where hi is the distance between point xi and point x0, hk are distances between points xk and point x0, and p is the power. Usually, in the literature on the topic, the power p is set to 1 or 2. In our research, we have taken into account the power p up to 6. In the rest of the paper, we use the following notation for IDW method: IDW pα where α is the value of the power p, e.g., for IDW p3 the value of the power is equal to 3.
Kriging is one of the geostatic methods of interpolation [39,40]. Similarly to IDW method, Kriging also uses Equation (1) and weighting factors. However, these weighting factors are determined on the basis of the semivariogram that takes into account the distance between measurement points and the variation between measurements of signal levels as a function of the distance.
Semivariance is calculated according to the formula given below [41]:
γ ¯ ( h ) = 1 2 | N ( h ) | N ( h ) ( V ( x i ) V ( x j ) ) 2 ,
where:
  • h = xi–xj is the distance between points xi and xj,
  • V(xi) and V(xj) are the levels of the signal measured at points xi and xj,
  • N is the number of measurement points, while N(h) is the set of pairs of points separated by the distance h, and |N(h)| denotes its cardinality.
The detailed description of the weighting factors wi calculation for Kriging can be found in [40].
In many papers, Kriging is perceived as the most exact, though quite a complex method of interpolation. A more detailed description of the estimation techniques mentioned above is presented in [25,42].

4. Test Scenario and Exemplary Maps

In order to investigate the impact of the interpolation techniques on the REM quality, numerous tests were conducted for UHF frequency band. In total, there were 21 test frequencies assigned by the governmental authority. The comparative analysis for three selected frequencies, i.e., 303.05 MHz, 863.5 MHz, and 1997 MHz, is presented in [43]. The selection of frequencies was made in the following way: Two boundary frequencies and one frequency in the middle of the band. In this paper, we selected the highest frequency (1997 MHz), as it is the most adequate for broadband communication systems.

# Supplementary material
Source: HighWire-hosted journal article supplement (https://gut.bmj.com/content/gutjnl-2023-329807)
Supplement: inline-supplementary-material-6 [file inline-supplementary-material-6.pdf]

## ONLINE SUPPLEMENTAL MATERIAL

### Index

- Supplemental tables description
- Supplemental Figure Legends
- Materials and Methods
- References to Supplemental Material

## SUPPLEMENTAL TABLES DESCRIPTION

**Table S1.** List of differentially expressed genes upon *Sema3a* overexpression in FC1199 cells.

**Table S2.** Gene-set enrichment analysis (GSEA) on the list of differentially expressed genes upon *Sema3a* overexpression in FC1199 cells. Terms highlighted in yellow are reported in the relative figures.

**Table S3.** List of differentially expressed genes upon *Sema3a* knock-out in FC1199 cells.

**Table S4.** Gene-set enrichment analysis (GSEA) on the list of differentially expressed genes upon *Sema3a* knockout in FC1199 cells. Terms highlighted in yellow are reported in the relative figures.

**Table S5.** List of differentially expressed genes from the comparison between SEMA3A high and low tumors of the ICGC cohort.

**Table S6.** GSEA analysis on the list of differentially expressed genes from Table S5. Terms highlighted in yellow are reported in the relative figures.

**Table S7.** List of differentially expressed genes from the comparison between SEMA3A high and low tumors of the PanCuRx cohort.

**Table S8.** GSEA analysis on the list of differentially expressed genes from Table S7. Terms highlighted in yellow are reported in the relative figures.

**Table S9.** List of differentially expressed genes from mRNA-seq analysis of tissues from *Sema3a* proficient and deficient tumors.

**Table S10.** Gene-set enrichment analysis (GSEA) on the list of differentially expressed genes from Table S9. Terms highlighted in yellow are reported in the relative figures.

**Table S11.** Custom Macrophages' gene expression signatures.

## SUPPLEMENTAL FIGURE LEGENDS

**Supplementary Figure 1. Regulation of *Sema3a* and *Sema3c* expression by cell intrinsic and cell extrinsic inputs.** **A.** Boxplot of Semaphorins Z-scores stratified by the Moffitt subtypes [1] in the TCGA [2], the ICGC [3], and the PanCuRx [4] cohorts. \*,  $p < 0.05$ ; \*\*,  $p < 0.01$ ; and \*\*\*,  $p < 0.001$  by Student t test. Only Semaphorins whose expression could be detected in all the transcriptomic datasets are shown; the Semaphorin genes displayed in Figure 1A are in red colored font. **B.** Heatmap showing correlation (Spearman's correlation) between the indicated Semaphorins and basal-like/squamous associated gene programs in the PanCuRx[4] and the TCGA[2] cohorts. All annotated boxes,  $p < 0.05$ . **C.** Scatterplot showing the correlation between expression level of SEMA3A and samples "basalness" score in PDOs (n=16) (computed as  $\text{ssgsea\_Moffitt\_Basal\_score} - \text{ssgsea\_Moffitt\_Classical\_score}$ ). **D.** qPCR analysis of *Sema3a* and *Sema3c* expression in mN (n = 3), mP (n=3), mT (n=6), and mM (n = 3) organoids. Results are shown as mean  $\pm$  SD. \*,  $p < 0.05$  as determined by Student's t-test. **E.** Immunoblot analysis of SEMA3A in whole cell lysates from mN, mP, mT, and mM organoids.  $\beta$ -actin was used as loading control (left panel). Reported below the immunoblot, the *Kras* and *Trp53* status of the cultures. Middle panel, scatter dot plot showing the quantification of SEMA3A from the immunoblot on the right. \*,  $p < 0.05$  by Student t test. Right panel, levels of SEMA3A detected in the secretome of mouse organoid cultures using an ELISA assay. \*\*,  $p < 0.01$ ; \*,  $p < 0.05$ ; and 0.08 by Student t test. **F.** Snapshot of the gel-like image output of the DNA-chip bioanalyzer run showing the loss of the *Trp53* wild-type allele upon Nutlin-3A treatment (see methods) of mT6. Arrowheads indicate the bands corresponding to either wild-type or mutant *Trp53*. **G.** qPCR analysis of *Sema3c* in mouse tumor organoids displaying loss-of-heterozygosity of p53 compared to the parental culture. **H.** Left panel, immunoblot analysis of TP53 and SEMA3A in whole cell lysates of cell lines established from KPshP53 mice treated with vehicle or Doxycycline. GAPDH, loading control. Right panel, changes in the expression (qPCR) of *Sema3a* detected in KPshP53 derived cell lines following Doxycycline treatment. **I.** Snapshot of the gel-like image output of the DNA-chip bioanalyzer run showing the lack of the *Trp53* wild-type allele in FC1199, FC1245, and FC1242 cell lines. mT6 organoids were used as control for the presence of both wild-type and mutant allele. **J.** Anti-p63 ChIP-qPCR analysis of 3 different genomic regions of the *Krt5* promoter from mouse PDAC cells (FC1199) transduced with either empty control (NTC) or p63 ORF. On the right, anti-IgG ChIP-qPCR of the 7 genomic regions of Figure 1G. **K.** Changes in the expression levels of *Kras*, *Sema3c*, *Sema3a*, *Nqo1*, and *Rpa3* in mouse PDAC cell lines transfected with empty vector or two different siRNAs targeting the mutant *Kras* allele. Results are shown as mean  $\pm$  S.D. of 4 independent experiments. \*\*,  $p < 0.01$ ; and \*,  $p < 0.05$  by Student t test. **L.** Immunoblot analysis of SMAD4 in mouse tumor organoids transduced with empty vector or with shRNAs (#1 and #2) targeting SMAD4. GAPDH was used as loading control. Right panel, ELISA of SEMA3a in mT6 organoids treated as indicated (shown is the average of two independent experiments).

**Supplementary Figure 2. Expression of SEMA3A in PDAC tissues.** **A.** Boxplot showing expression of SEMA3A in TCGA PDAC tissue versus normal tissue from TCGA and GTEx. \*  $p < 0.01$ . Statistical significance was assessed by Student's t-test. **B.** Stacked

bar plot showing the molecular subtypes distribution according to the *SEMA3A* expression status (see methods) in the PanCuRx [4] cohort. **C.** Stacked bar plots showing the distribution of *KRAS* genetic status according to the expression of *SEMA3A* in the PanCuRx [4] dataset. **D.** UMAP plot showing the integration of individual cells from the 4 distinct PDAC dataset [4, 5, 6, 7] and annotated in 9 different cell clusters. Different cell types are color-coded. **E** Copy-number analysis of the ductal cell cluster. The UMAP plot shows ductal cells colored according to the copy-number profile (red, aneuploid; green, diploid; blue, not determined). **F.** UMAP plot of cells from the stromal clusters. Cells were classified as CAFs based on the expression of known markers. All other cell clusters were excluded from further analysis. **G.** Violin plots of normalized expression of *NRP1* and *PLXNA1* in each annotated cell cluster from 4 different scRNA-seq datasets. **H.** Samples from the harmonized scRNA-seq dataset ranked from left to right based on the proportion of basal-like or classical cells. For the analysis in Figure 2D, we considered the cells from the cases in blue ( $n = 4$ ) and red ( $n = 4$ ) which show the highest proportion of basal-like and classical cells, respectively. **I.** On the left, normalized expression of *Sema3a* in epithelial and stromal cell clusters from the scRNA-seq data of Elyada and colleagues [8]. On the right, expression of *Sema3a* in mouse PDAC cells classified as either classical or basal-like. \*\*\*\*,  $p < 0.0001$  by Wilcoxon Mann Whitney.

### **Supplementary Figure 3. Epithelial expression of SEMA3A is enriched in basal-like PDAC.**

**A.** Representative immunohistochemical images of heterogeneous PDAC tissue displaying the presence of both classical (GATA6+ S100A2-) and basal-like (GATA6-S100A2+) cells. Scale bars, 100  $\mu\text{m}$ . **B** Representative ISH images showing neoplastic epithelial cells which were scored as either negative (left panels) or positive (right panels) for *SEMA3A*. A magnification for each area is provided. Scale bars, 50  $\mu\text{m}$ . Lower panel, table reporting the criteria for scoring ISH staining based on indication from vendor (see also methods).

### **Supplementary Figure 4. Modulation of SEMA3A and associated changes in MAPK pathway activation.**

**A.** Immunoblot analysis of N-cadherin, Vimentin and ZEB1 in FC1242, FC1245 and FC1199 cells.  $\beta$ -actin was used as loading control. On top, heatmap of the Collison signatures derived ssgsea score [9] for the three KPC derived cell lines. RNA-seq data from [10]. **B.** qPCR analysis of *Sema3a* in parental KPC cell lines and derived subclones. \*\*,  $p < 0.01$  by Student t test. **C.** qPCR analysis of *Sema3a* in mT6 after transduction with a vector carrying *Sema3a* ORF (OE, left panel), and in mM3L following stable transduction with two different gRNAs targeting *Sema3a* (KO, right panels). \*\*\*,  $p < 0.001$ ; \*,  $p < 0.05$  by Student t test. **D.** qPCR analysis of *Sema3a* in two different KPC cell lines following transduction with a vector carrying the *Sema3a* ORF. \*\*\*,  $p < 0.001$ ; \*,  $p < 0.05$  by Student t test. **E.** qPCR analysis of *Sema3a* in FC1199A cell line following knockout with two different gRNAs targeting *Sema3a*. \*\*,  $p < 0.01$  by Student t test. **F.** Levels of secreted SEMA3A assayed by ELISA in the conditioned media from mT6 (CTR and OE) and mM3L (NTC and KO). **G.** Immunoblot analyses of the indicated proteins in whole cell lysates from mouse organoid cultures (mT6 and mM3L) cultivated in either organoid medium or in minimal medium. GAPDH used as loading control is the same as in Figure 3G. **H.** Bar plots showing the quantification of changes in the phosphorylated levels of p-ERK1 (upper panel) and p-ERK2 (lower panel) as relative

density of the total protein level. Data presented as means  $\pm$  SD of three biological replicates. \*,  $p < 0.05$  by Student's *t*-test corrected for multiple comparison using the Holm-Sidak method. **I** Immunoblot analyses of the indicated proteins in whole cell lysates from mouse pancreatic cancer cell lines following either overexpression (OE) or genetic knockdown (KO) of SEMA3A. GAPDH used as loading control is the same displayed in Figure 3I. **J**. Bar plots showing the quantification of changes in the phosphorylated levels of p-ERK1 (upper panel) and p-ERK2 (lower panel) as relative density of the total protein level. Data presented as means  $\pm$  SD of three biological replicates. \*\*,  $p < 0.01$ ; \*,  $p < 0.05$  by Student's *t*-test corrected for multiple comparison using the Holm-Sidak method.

The experiment was conducted in the following way. First, measurements were taken in a real environment with 39 sensors to get input data, and then exemplary maps were created using different construction techniques. In the next step, the analysis of calculated RMSE for various arrangements of sensors was made. The initial distribution of 39 sensors is shown in Figure 2. There were Non-Line-of-Sight (NLOS) conditions for the following sensors:
  • P6–P8, P10, P11, P24, P25, P27, and P29—the average height of the forest separating sensors is about 25 m,
  • P2, P18–P22, P30, and P31—the approximate height of the buildings separating sensors is between 12 m and 15 m,
  • P1, P3–P5, P9, P12–P17, P23, P26, P28, P35, and P36—the approximate height of the buildings and single trees separating sensors ranges from 8 m to 10 m.
For the sensors P32–P34 and P37–P39, Line-of-Sight (LOS) conditions could be observed.
The area presented in Figure 2 was divided into four zones that reflect the distance of the sensors from the TX antenna and the signal levels measured by the sensors. Zone 1 represents the sensors located around the TX antenna with the received signal level higher than −90 dBm. Zone 2 includes sensors that measured a signal lower than −90 dBm and were deployed east of the TX antenna. This zone is an example of an urbanized area. Zone 3 also contains sensors with the signal level lower than −90 dBm, but located west of the TX antenna. This zone represents partly forested and partly rural area. Zone 4 was created at the bottom of the map and exemplifies a distant area at the edge of the radio range. All the sensors within this zone measured very low signal levels, lower than −100 dBm. This division of sensors into four zones was used in our further analysis.